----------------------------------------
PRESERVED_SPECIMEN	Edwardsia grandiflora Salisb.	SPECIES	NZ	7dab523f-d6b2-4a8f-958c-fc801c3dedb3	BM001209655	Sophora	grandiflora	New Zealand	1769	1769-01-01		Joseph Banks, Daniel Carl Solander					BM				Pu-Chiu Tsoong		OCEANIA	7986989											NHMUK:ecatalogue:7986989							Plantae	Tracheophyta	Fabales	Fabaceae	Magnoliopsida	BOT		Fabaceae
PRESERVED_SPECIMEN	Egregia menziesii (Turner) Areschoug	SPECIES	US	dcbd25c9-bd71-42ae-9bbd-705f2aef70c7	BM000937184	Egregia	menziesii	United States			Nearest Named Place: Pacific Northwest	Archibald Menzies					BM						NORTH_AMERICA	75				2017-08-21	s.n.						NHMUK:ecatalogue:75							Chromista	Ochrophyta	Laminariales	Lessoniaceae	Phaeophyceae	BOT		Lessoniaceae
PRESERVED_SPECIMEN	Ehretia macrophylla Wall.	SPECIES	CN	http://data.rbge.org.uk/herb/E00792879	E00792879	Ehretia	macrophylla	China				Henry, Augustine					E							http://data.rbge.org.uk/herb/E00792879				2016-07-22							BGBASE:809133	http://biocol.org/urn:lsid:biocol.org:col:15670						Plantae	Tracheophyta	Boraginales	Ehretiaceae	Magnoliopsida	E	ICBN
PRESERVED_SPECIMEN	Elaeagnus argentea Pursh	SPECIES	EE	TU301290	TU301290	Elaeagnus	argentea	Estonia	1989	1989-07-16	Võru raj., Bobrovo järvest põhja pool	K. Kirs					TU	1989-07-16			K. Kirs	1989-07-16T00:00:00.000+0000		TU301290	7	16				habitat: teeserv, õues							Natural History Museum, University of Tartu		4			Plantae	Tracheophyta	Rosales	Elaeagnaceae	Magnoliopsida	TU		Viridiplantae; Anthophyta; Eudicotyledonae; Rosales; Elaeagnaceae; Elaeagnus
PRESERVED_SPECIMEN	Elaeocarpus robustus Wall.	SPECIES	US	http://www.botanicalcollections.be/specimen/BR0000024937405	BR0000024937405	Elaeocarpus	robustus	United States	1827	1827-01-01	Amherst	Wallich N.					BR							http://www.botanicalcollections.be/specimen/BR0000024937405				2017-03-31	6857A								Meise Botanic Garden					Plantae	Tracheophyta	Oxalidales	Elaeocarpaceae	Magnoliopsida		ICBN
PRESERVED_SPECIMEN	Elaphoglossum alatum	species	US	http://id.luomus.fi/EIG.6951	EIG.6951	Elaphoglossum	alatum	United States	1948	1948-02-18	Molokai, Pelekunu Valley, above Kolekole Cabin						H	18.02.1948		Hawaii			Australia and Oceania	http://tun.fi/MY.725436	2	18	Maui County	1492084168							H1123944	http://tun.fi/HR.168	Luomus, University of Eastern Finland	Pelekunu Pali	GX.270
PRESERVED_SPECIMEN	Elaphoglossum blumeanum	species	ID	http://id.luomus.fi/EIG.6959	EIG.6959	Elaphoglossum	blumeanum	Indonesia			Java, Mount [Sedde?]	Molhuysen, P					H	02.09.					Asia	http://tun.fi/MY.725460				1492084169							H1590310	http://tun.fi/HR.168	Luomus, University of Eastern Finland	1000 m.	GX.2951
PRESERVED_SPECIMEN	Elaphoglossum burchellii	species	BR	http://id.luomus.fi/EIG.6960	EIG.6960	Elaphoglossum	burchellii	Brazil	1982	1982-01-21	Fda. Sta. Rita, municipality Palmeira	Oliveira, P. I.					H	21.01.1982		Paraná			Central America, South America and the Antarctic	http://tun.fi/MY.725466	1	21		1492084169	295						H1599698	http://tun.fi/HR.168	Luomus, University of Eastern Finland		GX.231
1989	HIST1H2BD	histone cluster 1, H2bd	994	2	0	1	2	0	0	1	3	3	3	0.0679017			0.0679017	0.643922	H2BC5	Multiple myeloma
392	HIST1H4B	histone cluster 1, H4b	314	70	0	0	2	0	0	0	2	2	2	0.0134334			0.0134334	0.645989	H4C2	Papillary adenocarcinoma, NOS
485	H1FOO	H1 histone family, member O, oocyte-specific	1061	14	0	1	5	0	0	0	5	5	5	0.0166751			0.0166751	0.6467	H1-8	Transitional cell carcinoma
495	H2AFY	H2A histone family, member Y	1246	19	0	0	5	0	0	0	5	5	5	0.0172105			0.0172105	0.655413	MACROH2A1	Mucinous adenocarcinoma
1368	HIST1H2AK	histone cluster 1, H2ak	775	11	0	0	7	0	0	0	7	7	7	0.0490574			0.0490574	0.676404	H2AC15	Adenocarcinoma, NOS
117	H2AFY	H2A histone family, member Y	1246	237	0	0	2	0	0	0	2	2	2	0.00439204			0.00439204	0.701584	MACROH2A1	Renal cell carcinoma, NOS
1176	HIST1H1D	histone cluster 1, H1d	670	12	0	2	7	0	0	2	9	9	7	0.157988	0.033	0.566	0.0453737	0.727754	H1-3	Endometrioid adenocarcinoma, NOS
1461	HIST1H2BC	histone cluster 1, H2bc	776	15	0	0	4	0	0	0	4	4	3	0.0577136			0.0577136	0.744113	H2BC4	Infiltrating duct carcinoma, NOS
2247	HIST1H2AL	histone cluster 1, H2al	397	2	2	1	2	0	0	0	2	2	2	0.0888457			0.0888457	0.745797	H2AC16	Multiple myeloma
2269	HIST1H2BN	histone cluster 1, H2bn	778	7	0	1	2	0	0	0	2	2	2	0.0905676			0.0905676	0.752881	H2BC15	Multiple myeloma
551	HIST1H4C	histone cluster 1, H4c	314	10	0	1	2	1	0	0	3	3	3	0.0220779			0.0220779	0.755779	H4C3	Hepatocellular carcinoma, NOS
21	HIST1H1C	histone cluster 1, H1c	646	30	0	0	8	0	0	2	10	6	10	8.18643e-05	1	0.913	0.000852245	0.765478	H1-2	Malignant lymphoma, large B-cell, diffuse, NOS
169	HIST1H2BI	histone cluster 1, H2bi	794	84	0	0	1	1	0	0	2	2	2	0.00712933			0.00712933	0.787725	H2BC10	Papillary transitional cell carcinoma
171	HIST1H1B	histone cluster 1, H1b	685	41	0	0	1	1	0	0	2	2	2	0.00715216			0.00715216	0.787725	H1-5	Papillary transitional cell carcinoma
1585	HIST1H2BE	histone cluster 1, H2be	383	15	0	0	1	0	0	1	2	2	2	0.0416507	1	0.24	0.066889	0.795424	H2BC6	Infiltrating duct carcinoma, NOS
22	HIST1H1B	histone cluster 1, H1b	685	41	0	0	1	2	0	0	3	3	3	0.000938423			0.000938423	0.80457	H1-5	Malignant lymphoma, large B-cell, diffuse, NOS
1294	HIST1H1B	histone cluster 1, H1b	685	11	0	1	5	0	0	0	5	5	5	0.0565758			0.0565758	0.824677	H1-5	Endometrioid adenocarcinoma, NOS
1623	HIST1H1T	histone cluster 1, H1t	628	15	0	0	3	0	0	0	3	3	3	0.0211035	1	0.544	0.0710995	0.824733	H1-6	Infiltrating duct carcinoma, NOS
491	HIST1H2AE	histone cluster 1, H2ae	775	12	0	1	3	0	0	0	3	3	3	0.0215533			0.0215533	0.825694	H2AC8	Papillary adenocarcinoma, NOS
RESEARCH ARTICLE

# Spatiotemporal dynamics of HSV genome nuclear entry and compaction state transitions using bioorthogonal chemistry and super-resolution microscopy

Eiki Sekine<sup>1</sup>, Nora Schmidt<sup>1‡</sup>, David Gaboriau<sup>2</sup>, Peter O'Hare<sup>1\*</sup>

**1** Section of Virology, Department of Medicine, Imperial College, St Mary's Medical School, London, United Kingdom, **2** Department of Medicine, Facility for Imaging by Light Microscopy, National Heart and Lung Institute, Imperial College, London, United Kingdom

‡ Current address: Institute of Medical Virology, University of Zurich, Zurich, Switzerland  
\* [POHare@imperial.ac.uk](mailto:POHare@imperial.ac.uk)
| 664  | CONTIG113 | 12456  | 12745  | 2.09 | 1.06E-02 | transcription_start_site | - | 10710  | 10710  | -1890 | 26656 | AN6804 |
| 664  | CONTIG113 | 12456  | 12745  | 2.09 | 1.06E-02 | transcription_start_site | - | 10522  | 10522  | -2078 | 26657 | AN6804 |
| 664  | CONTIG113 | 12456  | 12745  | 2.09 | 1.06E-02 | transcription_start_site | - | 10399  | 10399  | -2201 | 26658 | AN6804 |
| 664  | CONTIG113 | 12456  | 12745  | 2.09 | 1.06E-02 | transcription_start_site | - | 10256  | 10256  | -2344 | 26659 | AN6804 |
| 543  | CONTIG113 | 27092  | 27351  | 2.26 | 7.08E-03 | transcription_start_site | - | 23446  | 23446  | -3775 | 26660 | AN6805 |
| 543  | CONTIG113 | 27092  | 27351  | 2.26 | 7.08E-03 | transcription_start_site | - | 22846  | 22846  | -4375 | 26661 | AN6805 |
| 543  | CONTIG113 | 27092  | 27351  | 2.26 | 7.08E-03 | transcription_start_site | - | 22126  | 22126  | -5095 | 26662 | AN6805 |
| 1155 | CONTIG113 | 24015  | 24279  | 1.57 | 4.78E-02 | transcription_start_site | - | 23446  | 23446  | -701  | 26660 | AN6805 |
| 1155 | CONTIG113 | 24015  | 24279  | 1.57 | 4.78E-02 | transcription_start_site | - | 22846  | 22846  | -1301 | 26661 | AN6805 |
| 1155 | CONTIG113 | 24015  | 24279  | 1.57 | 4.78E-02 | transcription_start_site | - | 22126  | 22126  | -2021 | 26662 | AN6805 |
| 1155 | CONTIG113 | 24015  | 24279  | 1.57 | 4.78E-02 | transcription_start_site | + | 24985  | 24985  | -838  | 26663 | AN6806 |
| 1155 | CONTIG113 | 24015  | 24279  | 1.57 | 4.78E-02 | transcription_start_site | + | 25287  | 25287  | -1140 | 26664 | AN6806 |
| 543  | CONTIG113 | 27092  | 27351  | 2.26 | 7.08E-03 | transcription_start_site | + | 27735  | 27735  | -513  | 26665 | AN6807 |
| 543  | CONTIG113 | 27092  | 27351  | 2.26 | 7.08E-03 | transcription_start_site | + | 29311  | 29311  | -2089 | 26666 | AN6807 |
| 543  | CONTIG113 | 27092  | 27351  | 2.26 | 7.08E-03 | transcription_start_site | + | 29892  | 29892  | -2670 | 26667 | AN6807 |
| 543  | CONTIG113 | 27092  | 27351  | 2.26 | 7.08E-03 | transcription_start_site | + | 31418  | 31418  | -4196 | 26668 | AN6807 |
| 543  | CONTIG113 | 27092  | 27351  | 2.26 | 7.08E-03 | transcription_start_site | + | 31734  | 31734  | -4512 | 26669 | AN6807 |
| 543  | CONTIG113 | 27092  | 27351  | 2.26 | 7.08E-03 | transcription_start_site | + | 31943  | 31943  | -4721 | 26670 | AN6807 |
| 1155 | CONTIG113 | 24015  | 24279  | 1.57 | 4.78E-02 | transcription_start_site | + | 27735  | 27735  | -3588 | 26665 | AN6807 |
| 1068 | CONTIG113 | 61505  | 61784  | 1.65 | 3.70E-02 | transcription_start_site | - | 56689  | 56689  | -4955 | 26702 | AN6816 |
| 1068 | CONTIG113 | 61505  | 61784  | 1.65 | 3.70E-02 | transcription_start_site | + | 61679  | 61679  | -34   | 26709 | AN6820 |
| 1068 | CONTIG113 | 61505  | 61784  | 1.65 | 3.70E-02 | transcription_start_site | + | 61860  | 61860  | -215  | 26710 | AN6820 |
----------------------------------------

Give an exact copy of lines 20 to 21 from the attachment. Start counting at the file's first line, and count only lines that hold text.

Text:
21	HIST1H1C	histone cluster 1, H1c	646	30	0	0	8	0	0	2	10	6	10	8.18643e-05	1	0.913	0.000852245	0.765478	H1-2	Malignant lymphoma, large B-cell, diffuse, NOS
169	HIST1H2BI	histone cluster 1, H2bi	794	84	0	0	1	1	0	0	2	2	2	0.00712933			0.00712933	0.787725	H2BC10	Papillary transitional cell carcinoma